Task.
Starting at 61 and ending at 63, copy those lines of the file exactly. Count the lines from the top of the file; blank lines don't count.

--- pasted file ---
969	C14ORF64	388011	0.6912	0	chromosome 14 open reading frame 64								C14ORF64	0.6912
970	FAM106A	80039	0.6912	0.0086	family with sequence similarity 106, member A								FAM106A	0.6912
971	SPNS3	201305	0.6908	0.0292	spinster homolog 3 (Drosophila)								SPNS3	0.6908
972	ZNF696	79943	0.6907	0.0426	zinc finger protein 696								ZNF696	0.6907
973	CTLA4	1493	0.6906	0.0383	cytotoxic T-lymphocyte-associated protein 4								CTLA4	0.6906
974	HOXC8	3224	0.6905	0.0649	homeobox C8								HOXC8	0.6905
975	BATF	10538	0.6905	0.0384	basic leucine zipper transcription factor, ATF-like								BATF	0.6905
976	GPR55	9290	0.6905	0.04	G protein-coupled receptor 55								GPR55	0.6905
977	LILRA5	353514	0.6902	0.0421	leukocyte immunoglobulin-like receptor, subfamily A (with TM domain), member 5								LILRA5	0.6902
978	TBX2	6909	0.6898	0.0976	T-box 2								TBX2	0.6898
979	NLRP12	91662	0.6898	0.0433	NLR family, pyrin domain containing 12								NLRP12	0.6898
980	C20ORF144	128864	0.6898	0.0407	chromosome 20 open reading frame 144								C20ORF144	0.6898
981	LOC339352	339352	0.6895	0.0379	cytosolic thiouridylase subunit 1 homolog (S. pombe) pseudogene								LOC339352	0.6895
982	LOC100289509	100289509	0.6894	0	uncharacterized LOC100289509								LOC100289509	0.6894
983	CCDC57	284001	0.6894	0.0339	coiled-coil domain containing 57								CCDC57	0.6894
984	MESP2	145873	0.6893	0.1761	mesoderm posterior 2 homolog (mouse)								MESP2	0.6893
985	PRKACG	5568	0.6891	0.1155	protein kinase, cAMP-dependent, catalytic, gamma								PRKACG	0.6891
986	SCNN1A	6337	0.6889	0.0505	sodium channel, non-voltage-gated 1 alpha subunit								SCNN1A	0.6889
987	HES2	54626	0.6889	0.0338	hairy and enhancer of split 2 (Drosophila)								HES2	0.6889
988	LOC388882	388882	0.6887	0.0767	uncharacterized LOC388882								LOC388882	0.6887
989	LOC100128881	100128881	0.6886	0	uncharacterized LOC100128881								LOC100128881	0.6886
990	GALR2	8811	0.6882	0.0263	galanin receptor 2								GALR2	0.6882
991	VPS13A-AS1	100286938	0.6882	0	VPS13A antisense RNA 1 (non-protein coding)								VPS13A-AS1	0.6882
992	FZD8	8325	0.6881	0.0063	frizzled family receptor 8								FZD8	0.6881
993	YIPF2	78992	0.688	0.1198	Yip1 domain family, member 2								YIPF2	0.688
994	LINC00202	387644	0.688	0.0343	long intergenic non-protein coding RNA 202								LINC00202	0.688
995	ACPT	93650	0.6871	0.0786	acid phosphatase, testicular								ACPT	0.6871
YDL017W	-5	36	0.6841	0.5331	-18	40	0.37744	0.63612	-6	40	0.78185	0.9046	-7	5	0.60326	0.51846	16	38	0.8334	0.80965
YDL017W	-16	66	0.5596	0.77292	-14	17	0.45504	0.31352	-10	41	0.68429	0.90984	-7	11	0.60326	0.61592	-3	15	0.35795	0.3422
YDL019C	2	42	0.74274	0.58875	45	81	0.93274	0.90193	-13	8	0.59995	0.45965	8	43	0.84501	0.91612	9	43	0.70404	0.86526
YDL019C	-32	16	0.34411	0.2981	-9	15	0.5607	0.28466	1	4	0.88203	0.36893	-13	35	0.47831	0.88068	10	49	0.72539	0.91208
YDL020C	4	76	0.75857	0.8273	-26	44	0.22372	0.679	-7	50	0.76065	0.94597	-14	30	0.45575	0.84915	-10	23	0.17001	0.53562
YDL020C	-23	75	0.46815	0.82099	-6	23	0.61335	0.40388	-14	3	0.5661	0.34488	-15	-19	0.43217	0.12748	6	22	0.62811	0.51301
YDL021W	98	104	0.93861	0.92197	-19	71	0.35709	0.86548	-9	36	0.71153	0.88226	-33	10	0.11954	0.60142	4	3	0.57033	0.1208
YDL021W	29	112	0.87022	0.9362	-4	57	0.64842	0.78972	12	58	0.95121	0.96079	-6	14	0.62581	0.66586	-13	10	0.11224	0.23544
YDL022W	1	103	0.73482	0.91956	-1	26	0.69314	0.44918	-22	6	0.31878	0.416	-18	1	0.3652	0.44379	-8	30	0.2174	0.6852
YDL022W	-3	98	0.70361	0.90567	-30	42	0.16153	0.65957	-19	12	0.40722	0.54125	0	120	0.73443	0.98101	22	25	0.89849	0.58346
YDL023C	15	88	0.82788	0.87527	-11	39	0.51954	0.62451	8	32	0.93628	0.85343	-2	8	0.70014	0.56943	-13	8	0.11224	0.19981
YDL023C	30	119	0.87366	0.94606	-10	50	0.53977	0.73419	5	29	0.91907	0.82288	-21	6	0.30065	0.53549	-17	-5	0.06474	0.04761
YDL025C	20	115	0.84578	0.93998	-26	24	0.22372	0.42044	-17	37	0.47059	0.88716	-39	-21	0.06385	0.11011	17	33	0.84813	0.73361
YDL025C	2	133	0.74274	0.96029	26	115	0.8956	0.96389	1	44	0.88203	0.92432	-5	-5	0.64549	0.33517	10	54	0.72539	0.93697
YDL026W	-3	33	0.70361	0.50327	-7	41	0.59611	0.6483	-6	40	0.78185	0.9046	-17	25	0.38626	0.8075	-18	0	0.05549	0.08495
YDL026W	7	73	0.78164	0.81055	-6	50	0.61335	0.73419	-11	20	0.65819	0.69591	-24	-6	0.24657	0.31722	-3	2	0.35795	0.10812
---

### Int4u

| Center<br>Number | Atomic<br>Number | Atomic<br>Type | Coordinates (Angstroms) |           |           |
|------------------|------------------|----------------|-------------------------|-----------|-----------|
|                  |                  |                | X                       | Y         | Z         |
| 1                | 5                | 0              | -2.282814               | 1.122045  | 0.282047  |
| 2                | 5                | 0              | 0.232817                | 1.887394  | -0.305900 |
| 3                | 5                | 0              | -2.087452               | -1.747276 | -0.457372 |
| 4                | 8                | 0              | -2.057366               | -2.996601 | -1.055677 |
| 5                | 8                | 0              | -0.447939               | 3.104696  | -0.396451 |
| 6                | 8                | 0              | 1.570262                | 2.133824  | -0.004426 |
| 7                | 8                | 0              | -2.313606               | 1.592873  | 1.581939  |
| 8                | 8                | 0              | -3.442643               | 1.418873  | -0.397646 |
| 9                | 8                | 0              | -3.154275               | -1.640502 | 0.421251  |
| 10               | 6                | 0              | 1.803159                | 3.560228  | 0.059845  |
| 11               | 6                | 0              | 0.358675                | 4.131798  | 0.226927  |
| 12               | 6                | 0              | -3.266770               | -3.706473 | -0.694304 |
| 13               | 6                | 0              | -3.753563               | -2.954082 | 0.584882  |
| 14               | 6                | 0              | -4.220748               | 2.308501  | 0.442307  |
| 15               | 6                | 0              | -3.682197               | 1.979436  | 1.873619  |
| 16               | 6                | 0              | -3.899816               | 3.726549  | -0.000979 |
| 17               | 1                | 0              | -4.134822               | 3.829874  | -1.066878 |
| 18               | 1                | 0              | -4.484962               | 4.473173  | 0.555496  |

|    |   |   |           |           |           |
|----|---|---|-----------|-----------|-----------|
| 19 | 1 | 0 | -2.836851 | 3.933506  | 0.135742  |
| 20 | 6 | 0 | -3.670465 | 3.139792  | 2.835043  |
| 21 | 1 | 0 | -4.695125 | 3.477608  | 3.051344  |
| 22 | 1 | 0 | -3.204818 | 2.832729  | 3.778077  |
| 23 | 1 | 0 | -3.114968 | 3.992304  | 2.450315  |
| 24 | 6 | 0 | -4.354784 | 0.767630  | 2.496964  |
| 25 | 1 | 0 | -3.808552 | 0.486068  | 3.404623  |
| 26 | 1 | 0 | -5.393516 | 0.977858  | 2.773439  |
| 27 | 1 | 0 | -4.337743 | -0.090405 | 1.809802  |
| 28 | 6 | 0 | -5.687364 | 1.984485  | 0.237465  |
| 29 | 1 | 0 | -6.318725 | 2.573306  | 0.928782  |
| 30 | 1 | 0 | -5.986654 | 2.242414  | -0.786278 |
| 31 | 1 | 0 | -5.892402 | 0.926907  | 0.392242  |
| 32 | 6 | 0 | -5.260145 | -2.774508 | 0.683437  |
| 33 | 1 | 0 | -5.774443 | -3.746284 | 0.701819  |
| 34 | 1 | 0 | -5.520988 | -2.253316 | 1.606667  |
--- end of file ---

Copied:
| 13               | 6                | 0              | -3.753563               | -2.954082 | 0.584882  |
| 14               | 6                | 0              | -4.220748               | 2.308501  | 0.442307  |
| 15               | 6                | 0              | -3.682197               | 1.979436  | 1.873619  |